A legislative panel has unanimously approved the creation of a $100 million fund to help Maine farmers whose wells, fields and bodies are contaminated by so-called forever chemicals left behind by a state-licensed sludge-to-fertilizer program.

The Agriculture, Conservation and Forestry Committee voted 13-0 Thursday in favor of establishing the fund, which would be managed by an advisory committee made up of state officials, farmers and public health experts that would advise the state on how to distribute the money.

Approved uses range from reimbursing a farmer for crop losses or culled herds to cleaning up contaminated farms to buying those that are no longer suitable for agriculture. The committee also may decide to cover the farmers’ long-term PFAS-related medical costs.

It also would fund research into the relatively new science around these so-called forever chemicals, including what crops could be grown on fields that will not absorb the contamination and what levels, if any, can remain in food without posing a risk to consumers.

“This is going to be a defining moment for agriculture,” said Rep. Bill Pluecker, D-Warren, who helped spearhead the bill. “I think the state has a clear responsibility for actions we’ve taken in the past to do right by our farmers now, to make sure this gets funded and they get the money they need.”

Pluecker said the committee was moved by hours of emotional testimony from farmers whose farms are tainted by forever chemicals – per- and poly-flouroalkyl substances known as PFAS – left behind by a decades-old practice of using state-licensed sludge to fertilize their fields.

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The long-lasting chemicals repel oil, grease and water. They can be found in industrial products like firefighting foam, common household items such as stain-resistant carpets, waterproof clothing and non-stick cookware, and the treated sewage sludge that farmers have used as fertilizer since the 1970s.

Potential health impacts range from decreased immune response to a higher risk of certain cancers.

“The committee’s unanimous vote today sends a clear signal that Maine greatly values its farmers,” Agriculture Commissioner Amanda Beal said. “Farmers impacted will have help available to them as they navigate through an uncertain and difficult process of determining what the future will look like.”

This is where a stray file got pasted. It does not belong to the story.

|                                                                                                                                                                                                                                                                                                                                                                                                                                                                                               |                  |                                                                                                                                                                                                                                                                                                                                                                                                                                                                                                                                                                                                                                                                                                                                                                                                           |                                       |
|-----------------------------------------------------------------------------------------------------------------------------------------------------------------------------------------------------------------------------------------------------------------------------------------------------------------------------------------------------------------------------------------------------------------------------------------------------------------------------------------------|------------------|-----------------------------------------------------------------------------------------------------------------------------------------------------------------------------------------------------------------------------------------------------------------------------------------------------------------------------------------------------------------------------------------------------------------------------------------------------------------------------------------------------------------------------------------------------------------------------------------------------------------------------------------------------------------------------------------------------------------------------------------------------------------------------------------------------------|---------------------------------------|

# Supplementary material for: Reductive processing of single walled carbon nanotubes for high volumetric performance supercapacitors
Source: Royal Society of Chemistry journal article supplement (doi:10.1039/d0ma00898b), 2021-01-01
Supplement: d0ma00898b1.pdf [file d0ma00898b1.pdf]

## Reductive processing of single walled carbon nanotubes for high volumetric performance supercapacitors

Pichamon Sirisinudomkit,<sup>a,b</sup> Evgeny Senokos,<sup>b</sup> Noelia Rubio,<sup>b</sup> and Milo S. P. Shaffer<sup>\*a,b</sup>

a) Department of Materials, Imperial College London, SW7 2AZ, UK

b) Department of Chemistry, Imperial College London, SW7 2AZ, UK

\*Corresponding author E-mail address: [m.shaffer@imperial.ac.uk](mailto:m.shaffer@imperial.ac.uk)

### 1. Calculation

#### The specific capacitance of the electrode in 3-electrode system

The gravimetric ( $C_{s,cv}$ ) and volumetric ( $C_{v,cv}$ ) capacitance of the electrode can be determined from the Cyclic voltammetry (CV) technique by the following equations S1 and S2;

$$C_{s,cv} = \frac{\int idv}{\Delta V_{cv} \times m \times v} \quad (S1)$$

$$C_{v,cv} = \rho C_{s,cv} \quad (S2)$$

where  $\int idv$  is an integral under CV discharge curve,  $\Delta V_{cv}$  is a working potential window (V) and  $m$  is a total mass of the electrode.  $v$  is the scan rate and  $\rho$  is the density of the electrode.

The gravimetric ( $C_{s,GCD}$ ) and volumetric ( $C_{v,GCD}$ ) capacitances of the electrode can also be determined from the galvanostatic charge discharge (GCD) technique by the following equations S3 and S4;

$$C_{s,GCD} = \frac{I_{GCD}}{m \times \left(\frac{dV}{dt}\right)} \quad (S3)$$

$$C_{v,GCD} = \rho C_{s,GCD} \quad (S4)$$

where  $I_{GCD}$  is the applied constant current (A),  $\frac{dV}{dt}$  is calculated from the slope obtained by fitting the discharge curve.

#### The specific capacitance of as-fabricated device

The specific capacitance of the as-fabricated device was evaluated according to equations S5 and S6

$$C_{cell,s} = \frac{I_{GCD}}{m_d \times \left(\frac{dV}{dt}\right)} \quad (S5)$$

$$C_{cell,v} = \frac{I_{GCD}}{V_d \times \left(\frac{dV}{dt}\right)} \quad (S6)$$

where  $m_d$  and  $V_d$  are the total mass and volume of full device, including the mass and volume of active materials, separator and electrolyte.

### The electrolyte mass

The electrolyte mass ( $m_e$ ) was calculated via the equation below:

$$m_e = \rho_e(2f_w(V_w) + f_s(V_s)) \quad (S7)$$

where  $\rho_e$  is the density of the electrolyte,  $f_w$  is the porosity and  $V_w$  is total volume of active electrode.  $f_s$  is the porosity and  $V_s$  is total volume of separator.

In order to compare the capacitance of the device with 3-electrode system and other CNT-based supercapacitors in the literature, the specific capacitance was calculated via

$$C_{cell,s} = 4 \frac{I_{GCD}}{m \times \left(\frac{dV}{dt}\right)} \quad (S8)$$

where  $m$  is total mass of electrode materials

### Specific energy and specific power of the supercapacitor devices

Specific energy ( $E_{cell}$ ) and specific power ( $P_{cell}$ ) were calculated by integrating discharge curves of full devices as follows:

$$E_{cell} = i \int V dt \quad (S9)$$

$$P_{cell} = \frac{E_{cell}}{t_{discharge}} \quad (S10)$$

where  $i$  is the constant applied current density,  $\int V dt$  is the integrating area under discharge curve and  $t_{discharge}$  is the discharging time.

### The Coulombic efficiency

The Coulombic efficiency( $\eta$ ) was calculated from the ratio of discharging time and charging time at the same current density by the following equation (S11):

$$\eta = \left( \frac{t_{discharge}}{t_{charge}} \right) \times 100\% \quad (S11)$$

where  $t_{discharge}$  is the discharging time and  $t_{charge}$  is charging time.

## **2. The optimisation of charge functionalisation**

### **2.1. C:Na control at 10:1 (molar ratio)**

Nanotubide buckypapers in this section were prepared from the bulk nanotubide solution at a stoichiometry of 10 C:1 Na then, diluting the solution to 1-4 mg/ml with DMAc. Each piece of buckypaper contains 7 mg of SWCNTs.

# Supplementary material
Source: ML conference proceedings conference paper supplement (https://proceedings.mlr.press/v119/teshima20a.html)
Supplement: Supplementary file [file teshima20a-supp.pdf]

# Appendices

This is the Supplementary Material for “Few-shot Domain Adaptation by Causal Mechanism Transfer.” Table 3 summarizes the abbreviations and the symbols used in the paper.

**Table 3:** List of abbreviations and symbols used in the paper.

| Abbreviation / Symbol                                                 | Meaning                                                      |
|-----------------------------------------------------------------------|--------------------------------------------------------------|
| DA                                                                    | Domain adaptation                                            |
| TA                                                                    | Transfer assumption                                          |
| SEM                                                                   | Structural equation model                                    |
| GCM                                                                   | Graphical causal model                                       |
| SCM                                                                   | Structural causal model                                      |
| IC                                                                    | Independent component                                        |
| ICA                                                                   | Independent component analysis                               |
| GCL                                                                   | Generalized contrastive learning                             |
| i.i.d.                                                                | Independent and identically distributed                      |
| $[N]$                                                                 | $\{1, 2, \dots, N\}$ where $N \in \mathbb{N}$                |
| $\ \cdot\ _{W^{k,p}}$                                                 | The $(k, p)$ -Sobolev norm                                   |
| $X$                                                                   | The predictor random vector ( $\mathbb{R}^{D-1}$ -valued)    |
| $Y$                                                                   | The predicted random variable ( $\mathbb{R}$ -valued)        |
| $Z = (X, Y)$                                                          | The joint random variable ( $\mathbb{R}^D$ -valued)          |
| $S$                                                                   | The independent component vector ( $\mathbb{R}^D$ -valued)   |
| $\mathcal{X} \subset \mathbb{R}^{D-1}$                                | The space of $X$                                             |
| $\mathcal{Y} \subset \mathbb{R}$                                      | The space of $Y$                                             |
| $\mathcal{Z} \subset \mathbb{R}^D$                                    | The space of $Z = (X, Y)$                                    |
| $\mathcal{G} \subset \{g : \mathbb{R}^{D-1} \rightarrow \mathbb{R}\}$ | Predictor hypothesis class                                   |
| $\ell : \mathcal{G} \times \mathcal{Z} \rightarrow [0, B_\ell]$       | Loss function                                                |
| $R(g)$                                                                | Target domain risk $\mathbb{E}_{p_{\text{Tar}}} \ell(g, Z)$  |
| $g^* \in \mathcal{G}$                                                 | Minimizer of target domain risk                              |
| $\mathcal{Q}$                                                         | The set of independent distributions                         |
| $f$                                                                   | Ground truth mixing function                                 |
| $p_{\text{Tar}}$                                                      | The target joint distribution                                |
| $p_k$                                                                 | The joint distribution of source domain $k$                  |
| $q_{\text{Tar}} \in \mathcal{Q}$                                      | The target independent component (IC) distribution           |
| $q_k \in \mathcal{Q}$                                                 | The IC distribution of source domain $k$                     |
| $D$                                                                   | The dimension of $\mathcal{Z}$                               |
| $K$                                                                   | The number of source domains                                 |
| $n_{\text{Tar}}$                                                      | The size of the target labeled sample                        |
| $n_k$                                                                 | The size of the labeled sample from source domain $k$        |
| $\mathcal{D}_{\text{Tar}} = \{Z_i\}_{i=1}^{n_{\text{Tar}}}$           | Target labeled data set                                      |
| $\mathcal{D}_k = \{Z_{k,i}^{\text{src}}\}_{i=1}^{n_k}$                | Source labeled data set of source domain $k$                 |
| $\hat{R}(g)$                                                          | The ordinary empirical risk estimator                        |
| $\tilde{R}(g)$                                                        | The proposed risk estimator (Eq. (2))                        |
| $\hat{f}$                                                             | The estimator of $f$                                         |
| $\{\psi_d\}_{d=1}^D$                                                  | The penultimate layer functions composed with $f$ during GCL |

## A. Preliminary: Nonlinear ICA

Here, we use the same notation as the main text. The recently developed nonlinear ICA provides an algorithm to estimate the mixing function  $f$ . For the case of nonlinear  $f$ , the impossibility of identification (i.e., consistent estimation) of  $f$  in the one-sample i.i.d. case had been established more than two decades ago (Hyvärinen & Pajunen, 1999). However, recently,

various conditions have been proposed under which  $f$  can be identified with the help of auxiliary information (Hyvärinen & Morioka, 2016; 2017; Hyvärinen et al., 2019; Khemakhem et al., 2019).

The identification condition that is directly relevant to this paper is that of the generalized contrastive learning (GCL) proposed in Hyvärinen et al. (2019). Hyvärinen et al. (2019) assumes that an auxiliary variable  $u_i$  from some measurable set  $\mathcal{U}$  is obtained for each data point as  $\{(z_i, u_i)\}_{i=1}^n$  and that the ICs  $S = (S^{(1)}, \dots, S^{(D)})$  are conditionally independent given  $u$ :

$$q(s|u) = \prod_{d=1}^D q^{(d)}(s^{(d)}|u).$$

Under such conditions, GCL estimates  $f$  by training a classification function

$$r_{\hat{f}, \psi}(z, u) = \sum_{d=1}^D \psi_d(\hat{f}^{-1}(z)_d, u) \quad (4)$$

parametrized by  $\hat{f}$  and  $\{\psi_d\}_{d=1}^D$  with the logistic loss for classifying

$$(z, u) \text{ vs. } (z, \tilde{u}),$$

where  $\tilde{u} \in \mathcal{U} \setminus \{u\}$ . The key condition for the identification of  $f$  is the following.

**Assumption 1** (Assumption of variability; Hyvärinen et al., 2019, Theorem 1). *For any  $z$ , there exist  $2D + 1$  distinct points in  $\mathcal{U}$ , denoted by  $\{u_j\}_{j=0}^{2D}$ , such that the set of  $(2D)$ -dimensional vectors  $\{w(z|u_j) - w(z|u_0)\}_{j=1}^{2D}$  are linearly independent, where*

Gov. Janet Mills is “strongly considering” dedicating one-time funding in a budget update she is expected to release Friday to establish the PFAS fund, according to a statement issued Thursday. The state is pursuing federal aid and other avenues to provide sustained, long-term funding.

The administration looks forward to working with the Legislature to determine the appropriate initial amount with the understanding that other funding will likely be required from various sources in the years to come, Mills said.

The committee has moved quickly to try to set up the fund, which state officials believe may be the first of its kind in the country, while acknowledging that it will have to rely on the advisory committee the bill would create to work out many of the details.

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The committee will be made up of the state commissioners of agriculture, environmental protection and health, the dean of the University of Maine agricultural experimentation or cooperative extension, an agricultural finance expert, a public health expert and five farmers.

Farmers told the agriculture committee that the creation of a relief fund would encourage those who have been too afraid to test their fields and wells for fear of financial ruin to do so. Widespread testing would reassure consumers that locally grown food that is still on the market is safe to eat.

The state has estimated it will spend at least $20 million a year on its PFAS investigation of more than 700 properties where sludge fertilizer was used. That estimate doesn’t include the kind of help that would be offered by the aid fund, like farm buyouts or long-term health monitoring.

To date, Maine has earmarked about $30 million for PFAS remediation, which includes $10 million to help impacted farmers, $15 million to provide safe drinking water, $5 million for environmental testing, and $5 million for managing PFAS-contaminated waste. 

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